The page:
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If we break this word in two, it means a collage drawing. This is where we can work on board and choose to cut down into it and remove the top layer of the board as well as sticking on thin textured papers and cloth etc. The pieces are glued into position and when dry, given a coat of varnish. This makes the collagraph more durable for inking up and printing. Lovely nuances can be achieved in this creative process from easily accessible materials. This is a two day workshop with tutor Michael Waight.
Join tutor James Vass on this weekend workshop for a chance to learn the basics of this exciting technique. Explore the creative possibilities of this colourful, graphic and immediate approach to making repeat prints. You will learn how to expose transparent images using UV light and print different layers to build up your image. No experience necessary – just a bit of creativity.
Drypoint Etching is a printmaking process in which an image is drawn / scratched into a plate with a hard pointed “needle” or sharp metal point. Although traditionally on copper, during the class you will use a soft perspex plastic, ideal for beginners as you'll be able to see and trace your images directly onto the perspex. We can then ink these plates similar to the way we do in etching and enjoy the rich tones that drypoint has to offer.
Traditionally this is where you use a series of darkening tones from the same colour (light brown, medium brown, dark brown). It is a reductive way of making an image where your block is forever being reduced in its surface area for each colour required, maybe finishing with just a linear area for your thick black/dark line.
Mono-printing is a very direct way of creating an image within the print medium. It can be very close to making a painting or a drawing, the difference being that what you make is used as the matrix to print from. It can produce lovely nuances of marks and tones but, as the name suggests, it is a way of producing a one-off, unique print. There can be close variations but it is not editionable as other processes are in printmaking.
There are several approaches to making the work, which we can look at in more detail.
One approach is to prepare a piece of Perspex that can be used to apply your image onto. A drawing or design can be attached to the underneath surface of the plate. This allows you to work with various colours and tones to build up your image fully before putting the plate through the press. This way makes a complete image even though it has entered the press just once. We can also work on an image colour by colour. Again using your drawing on the underside of the Perspex and filling in each area on the other side a little at a time. This approach requires the plate to go through the press several times and, importantly, to have some kind of registration system so each colour is in alignment.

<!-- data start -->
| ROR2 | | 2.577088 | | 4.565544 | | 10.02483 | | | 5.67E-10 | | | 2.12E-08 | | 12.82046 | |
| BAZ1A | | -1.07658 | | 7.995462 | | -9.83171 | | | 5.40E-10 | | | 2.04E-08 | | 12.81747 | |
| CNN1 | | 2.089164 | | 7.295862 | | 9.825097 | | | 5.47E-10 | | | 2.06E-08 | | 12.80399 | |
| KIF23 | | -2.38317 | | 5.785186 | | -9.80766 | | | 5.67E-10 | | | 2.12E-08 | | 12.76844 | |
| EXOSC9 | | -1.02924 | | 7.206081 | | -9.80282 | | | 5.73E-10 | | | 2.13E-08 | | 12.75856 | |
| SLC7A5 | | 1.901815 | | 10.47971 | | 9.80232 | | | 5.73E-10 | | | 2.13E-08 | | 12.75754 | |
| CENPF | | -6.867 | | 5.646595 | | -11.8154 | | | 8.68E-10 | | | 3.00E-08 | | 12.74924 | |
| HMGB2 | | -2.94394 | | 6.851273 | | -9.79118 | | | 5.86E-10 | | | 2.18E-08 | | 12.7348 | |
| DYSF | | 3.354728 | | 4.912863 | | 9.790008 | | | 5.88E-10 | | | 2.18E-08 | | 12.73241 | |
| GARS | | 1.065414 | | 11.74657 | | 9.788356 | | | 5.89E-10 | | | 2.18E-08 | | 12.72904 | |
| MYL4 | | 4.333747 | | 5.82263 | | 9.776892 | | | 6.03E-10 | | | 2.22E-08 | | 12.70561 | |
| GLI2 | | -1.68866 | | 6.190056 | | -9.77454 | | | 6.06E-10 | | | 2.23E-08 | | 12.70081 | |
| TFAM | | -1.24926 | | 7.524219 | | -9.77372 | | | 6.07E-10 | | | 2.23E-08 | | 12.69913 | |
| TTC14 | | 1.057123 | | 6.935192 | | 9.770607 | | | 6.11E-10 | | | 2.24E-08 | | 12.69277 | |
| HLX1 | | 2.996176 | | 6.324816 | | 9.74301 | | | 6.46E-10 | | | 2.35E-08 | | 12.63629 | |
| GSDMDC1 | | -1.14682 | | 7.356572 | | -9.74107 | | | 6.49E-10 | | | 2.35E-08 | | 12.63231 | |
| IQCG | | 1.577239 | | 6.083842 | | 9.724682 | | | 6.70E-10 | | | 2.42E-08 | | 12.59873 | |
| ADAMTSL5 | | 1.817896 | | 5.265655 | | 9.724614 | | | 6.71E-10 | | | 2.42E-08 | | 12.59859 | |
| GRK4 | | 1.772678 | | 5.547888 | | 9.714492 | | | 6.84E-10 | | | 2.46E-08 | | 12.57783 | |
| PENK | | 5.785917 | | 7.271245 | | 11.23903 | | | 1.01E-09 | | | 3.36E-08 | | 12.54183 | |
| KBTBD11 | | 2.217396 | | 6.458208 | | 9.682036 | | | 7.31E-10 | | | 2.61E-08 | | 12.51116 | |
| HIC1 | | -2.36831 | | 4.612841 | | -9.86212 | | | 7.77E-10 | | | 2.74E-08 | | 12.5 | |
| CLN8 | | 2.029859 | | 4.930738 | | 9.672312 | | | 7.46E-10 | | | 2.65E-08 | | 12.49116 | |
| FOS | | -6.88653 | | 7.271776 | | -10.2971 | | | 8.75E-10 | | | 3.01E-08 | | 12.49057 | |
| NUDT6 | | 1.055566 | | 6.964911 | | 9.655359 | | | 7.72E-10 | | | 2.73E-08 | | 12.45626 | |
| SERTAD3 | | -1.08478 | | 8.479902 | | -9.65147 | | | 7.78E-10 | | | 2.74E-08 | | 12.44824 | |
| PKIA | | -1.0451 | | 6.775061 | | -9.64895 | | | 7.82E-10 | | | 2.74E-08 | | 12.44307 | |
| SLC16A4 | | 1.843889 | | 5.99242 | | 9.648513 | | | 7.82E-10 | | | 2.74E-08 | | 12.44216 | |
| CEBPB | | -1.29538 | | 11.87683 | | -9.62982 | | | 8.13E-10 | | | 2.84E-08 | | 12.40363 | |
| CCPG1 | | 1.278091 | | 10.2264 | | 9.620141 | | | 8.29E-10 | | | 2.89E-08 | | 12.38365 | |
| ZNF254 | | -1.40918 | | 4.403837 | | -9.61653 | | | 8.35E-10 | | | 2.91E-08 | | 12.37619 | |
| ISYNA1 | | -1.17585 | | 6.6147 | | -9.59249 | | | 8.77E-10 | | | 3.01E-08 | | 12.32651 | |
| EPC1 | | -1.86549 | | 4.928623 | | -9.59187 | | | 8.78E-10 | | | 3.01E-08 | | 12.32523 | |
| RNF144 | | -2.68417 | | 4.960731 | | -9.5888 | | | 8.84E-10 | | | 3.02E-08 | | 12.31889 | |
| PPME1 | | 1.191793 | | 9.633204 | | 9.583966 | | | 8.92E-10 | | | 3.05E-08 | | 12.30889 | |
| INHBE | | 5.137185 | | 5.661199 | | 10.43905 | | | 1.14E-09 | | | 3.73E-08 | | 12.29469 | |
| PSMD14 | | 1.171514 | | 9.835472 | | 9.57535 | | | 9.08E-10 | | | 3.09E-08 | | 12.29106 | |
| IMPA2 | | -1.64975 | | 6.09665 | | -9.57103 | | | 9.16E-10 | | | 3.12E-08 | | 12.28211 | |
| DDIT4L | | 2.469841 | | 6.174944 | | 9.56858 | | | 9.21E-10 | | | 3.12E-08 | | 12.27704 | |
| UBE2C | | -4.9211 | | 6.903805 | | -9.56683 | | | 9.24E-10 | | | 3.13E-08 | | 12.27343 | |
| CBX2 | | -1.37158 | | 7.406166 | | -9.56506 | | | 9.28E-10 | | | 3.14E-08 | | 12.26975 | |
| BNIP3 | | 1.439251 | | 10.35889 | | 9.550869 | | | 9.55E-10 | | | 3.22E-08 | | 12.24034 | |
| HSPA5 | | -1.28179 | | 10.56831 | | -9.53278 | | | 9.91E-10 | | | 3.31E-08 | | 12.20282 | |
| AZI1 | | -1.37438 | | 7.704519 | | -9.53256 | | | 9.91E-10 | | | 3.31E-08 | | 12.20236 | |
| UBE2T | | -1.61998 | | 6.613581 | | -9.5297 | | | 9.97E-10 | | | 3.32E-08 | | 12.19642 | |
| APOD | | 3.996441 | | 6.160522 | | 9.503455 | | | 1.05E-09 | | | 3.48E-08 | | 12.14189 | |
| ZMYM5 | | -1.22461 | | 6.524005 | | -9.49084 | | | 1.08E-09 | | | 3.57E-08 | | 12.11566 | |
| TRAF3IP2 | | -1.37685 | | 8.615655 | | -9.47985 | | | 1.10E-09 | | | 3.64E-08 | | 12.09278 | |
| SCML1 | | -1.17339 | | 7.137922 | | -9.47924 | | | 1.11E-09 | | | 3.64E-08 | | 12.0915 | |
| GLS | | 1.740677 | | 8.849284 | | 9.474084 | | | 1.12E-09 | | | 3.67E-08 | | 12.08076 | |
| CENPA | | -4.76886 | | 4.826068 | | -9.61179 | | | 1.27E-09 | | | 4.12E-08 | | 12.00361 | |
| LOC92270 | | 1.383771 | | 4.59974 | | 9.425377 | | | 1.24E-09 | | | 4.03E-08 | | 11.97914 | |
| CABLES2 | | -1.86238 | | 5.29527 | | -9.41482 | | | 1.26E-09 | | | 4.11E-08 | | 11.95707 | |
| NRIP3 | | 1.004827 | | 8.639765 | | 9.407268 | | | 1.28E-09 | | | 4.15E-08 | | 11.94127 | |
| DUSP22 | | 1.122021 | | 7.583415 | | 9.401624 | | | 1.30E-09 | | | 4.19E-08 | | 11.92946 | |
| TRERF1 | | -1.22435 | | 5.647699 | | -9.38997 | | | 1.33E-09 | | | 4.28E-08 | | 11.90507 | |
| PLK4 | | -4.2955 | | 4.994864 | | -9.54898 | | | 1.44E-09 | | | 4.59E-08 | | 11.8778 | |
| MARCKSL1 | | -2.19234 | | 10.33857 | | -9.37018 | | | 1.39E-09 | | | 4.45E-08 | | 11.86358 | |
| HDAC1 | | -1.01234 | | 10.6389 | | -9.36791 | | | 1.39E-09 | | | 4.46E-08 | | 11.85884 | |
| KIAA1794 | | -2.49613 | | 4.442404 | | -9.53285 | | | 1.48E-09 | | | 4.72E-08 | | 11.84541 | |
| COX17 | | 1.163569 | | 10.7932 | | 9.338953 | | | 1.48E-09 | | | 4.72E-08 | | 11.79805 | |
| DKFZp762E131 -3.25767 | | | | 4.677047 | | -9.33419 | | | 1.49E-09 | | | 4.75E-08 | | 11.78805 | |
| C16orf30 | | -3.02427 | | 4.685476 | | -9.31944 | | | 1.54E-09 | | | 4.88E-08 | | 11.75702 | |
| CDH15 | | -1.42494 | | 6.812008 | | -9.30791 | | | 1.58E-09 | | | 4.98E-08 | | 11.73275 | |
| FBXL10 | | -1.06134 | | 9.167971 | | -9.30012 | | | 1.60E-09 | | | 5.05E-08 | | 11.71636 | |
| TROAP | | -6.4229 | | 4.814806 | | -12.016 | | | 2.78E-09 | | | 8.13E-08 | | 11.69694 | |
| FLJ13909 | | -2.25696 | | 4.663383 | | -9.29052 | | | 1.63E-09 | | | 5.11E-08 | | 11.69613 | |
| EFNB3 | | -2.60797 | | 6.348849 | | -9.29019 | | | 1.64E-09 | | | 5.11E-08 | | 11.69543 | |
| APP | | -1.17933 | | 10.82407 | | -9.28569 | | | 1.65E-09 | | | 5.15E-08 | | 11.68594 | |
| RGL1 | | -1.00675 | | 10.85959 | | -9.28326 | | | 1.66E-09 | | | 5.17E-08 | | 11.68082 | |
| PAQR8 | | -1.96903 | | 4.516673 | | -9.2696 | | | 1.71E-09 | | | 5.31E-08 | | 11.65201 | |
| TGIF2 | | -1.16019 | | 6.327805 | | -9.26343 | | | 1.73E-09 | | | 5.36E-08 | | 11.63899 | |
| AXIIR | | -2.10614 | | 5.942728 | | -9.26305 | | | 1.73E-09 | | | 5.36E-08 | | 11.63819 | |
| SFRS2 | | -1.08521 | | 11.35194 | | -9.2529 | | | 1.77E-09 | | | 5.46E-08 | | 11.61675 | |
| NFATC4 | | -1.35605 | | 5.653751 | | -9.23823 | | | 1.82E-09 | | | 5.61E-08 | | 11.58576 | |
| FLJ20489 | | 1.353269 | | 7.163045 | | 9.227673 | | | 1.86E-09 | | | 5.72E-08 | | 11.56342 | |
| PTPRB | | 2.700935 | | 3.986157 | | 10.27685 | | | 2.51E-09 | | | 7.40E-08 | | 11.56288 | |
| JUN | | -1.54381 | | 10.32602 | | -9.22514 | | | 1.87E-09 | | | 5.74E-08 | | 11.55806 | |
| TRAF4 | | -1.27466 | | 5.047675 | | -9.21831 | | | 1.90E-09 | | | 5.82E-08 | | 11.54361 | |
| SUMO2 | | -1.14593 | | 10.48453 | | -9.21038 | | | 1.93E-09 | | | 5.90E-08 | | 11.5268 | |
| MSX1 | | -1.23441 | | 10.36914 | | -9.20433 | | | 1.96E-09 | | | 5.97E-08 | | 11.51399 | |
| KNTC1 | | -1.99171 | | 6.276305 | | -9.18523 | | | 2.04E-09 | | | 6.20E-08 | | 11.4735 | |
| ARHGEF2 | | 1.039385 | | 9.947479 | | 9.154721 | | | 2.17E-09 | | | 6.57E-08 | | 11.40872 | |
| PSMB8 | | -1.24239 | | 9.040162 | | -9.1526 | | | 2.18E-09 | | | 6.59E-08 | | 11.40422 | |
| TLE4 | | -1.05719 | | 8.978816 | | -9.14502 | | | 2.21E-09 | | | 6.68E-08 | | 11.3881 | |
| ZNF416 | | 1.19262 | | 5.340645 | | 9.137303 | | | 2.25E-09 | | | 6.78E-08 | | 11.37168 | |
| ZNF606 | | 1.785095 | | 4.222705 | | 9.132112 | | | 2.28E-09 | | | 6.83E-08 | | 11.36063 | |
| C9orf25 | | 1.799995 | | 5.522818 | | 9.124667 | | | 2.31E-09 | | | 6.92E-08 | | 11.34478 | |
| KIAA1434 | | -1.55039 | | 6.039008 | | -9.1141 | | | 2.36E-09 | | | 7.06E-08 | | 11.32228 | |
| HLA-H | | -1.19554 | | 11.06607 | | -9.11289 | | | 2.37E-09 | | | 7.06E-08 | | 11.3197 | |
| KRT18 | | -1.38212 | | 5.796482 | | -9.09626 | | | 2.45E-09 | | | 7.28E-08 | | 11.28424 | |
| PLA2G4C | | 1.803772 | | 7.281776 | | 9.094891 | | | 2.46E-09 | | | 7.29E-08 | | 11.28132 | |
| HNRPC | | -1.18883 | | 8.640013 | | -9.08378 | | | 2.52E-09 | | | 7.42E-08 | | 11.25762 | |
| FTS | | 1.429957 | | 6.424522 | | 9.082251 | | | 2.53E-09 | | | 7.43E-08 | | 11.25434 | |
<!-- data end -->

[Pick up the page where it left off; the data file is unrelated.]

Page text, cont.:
Another way to work would be to cover the glass slab, or the piece of Perspex that has been provided, with a thin layer of stiff ink. A piece of paper is then placed lightly over the top of the ink. It is very important not to place any pressure down on the paper as this will pick up unwanted areas of ink. You can then carefully draw on the back of the paper with a pencil or a pen or metal point. When drawing in this way it is required that only the point of your drawing tool is making contact with the paper and therefore the ink on the other side. (If you were to rest your hand on the back of the paper a large ‘smudge’ like mark would show up on the front) The marks you can achieve when working in this fashion gives you a beautiful line with an added feathery quality that has a lot of energy in it.
Using a reductive process can give you a third approach. Again a layer of ink is rolled on to the Perspex plate. Using various tools, such as cotton buds, rags, brushes etc, you can remove ink, creating the light areas within your image. If the ink is thoroughly cleaned away then a total white area will have been achieved. Likewise, if a lesser amount is removed then a paler patch will have been made. With careful planning this too can take various colours and therefore a number of times placed through the press, hence the reason for working not on the glass but the Perspex plate.
Come and enjoy a day of colour, where you have a chance to learn the basics of this exciting technique. Explore the creative possibilities of this colourful, graphic and immediate approach to making repeat prints. The technique of scraping ink through a fine mesh can be quick to get results and by adding thin layers of colour you soon build up wonderful effects and images. Tutor: James Vass.
This is a fantastic way to keep or give very personalised handmade books. Some use stitching, some use glue and some have neither. For the two days, we will make a number of small books. Book types will include Pamphlet, Blizzard, and Concertina forms, just to get you started! Tutor: Michael Waight.
On this one-day workshop you will learn to use tonal variation with this etching technique, using a box to powder resin coat a zinc plate, which is then submerged in an acid bath to create recesses . The outcome is a non-linear image that uses blocks of tone to create the image, by blocking out areas of the plate, before it is placed into the acid bath.
This is a lovely way to work making one-off images that have both an element of screenprinting combined with mono-printing. Drawing with water-based pencils can be used directly on the screen’s mesh and can be printed by flooding the mesh with a base that releases the colours onto your paper. These can give lovely delicate washes as well as coloured drawings that sit well between watercolour painting and screenprinting.